The Asus ZenPad 10 Z301ML is an affordable tablet, which may tell you much of what you need to know about it, as mainstream iPads have barely changed over the past three years, and neither have tablets like this.
Asus even made a very similar model with the same ‘Asus ZenPad 10’ name in 2016. Aside from an altered finish and USB-C charge port, this one is hardly different.
If you have a cheap tablet that is aging, the Asus ZenPad 10 Z301ML may not get you the upgrade you are looking for. However, it works well enough and at £159.99 (around $210 / AU$285) costs much less than even an entry-level iPad, so is it worth considering?
Low resolution screen
Acceptable performance but shown up by some budget slates
Cheaper tablets like the ZenPad 10 Z301ML continually disappoint in one aspect: screen resolution. It has a large 10.1-inch screen, but only 1280 x 800 pixels, which may well be fewer than your phone uses.
Obvious pixelation is the result. Text and images look a lot less clear and sharp than the best sub-£200/$250 tablets, or even the 2013 Nexus 7, which was also a budget model.
Other features are similarly low-end, but less distracting. The Asus ZenPad 10 has a humble MediaTek chipset, 16GB of storage, fairly poor 5/2MP cameras and a plastic casing.
This is not a flashy tablet, but it handles most apps and games well enough. However, it is shown up by the Amazon Fire HD 10 (2017), which has more storage and power, and a sharper screen.
Plastic shell with textured finish
251.77 x 172.17 x 8.95mm, 490g
16GB of storage
Like all 10.1-inch widescreen tablets, the Asus ZenPad 10 Z301ML is designed to be held landscape. It’s worth considering if you want something to use on the journey home from work. It’s not what this tablet is about.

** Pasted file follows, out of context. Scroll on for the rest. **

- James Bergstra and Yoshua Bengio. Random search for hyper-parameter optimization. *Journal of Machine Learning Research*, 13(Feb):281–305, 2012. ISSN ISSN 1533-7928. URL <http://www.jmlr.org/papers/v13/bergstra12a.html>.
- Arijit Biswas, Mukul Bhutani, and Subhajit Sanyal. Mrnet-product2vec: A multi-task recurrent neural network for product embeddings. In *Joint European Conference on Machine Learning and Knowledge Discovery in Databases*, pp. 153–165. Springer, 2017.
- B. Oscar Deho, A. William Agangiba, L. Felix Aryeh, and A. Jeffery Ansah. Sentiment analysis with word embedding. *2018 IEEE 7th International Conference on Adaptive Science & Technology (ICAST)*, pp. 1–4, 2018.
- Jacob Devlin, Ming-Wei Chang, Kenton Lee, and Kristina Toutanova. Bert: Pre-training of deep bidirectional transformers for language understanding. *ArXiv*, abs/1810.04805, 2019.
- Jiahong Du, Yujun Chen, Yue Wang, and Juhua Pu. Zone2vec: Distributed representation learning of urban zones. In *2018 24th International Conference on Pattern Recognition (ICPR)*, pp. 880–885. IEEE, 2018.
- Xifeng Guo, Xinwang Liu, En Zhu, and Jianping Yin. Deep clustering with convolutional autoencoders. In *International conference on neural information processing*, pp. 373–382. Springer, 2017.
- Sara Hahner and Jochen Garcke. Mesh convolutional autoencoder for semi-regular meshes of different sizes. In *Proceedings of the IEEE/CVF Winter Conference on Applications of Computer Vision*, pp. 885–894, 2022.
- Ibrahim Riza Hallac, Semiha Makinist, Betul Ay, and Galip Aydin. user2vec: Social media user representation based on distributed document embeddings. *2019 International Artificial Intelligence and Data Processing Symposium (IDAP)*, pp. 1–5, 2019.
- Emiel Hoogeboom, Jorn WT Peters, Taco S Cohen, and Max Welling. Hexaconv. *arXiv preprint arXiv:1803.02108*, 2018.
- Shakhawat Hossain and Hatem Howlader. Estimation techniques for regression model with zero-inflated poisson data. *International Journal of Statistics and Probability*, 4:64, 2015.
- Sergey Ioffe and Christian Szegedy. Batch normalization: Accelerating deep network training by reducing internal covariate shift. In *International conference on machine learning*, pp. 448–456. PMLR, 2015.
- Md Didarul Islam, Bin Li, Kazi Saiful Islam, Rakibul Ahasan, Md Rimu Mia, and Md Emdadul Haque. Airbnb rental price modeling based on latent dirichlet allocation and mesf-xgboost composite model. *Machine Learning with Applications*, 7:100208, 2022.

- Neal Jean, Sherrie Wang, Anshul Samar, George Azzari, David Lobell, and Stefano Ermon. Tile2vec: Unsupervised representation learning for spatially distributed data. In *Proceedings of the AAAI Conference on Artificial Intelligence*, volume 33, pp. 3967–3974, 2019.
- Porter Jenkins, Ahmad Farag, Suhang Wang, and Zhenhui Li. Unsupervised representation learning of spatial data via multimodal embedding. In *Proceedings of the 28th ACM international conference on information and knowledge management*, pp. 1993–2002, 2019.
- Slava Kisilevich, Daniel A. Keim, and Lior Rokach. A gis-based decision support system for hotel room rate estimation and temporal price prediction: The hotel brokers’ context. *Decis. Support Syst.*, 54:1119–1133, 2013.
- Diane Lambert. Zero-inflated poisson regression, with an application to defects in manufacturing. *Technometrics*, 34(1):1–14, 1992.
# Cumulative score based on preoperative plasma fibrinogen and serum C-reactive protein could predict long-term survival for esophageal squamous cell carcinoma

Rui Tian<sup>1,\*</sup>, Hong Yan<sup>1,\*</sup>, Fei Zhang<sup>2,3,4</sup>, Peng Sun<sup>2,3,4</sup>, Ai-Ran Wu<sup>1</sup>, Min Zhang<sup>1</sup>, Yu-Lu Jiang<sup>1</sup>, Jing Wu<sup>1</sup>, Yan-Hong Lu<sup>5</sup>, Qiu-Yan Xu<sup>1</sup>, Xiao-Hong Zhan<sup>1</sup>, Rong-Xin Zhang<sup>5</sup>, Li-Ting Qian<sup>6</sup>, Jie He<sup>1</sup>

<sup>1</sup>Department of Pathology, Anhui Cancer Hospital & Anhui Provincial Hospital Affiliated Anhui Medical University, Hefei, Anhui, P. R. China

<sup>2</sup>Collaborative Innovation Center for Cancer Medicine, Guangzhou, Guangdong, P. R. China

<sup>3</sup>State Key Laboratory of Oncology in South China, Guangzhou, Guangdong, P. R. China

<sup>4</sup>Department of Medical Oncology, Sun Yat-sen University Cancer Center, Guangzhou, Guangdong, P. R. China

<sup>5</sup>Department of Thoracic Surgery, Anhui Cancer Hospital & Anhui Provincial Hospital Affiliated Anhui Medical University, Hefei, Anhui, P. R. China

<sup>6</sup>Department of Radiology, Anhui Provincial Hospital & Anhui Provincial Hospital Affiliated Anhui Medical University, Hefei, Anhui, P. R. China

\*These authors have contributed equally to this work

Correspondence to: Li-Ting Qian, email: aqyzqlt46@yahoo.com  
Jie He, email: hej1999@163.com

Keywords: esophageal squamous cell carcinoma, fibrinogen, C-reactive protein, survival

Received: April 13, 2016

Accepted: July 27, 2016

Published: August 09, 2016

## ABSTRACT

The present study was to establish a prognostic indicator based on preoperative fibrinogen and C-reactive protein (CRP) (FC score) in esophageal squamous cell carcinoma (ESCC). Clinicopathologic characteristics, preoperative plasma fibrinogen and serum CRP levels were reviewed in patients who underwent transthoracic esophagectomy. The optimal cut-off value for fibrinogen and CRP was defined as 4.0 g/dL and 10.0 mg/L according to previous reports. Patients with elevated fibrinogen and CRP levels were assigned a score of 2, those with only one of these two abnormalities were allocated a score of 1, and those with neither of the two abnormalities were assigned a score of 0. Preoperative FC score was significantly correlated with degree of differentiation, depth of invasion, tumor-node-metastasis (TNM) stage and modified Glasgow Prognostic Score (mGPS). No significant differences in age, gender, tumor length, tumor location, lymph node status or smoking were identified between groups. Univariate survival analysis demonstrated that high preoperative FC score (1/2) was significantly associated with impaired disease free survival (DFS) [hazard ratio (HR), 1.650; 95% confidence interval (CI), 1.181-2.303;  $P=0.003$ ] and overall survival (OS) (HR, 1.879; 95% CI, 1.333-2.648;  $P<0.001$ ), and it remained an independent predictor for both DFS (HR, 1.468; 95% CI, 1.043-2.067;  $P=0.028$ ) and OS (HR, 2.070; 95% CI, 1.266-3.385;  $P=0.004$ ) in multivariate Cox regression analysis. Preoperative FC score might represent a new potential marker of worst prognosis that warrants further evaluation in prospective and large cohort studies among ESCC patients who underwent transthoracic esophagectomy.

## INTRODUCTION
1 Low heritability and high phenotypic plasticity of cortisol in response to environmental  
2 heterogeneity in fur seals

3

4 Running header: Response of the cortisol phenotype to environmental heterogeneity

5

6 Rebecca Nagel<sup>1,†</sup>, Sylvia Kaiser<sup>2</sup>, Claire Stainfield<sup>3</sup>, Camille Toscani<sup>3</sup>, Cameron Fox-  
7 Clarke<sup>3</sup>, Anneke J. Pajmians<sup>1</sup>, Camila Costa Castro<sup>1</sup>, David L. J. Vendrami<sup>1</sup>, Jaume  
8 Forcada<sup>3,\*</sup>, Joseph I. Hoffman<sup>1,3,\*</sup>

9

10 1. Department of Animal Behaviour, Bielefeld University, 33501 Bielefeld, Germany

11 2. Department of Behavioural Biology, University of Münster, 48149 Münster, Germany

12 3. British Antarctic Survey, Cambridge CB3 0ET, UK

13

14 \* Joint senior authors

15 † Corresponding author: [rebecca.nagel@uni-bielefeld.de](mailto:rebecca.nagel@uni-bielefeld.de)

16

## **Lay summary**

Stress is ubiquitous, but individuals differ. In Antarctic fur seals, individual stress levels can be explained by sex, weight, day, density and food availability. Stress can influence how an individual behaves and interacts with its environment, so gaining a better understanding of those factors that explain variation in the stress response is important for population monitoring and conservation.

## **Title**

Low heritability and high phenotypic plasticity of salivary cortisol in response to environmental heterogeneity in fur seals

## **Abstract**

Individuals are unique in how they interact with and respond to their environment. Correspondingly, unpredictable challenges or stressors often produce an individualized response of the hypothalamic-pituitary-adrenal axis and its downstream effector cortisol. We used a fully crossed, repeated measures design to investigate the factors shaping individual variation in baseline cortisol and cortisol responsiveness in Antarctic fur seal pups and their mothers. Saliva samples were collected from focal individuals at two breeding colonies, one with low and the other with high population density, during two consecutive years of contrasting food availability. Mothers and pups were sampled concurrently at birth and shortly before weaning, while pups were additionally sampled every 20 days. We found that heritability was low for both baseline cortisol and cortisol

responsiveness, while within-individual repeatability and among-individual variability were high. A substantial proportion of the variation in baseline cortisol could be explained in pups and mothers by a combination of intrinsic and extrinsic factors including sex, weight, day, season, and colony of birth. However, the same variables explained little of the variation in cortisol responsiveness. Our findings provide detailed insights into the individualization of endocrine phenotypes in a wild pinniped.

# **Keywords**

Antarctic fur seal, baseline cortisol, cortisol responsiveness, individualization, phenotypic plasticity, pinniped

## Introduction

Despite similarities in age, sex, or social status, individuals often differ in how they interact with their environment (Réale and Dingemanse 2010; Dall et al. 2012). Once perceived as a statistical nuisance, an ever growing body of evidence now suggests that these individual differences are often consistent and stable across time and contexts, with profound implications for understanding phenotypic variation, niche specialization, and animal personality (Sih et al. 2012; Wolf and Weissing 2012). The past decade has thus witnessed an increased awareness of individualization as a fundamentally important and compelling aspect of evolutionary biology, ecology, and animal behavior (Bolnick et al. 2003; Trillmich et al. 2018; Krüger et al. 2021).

Asus used a similar design in its last ZenPad 10. This tablet is plastic aside from the glass on the front of the screen. It is, however, pretty tactile among its entry-level peers, though.
The Asus ZenPad 10 Z301ML’s back feels almost like fabric. It’s textured plastic, but a sea of dense, fine nobbles tricks your fingers into thinking it’s something else. Similarly, the front edges are made to look like metal, but are actually just metallic plastic.
We’d rather have aluminum, but it is better than the plain, lightly textured plastic of Amazon’s cheaper tablets.
There’s nothing quite so dynamic elsewhere, though. The Asus ZenPad 10 Z301ML weighs an unremarkable 490g, is an unremarkable 8.95mm thick, and thanks to fairly wide screen borders is no more portable or easier to handle than an older 10-inch tablet.
Using it in landscape orientation is most comfortable, preferably with a hand at each end. You can of course also hold it upright, which works well for reading articles or digital comics.
To keep the price low, Asus has left out most hardware extras in the ZenPad 10. There’s no fingerprint reader and the front camera can’t be used to ‘face unlock’ the tablet. You get just 16GB of storage too. However, this will probably be enough for many users, particularly as most of us don’t take as many photos with a tablet as a phone.
There’s enough room for a few data-hungry games and countless smaller apps. The ZenPad 10 Z301ML also has a microSD slot on its bottom, should you want to fill the tablet up with more movies than the internal storage will hold.
10.1-inch IPS LCD screen with 1280 x 800 resolution
The Asus ZenPad 10 Z301ML has a large 10.1-inch screen. This kind of display really highlights the difference between phones and tablets.
However, it has a significant problem. Screen resolution and pixel density are low, so the Android interface and text in articles will not look as sharp as they do on your phone.
At this size we like to see a resolution of at least 1920 x 1200 pixels, but the Asus ZenPad 10 Z301ML only has 1200 x 800. Text looks scratchy rather than smooth, and sprite-based games appear compromised.
Other aspects of the display are a bit better. Contrast is perfectly solid, and while the image appears slightly recessed, it’s less recessed than the new iPad (2018). Not bad.
Color performance is just okay. The standard color mode is relaxed and natural-looking, which we quite like, but not as rich as premium tablets look.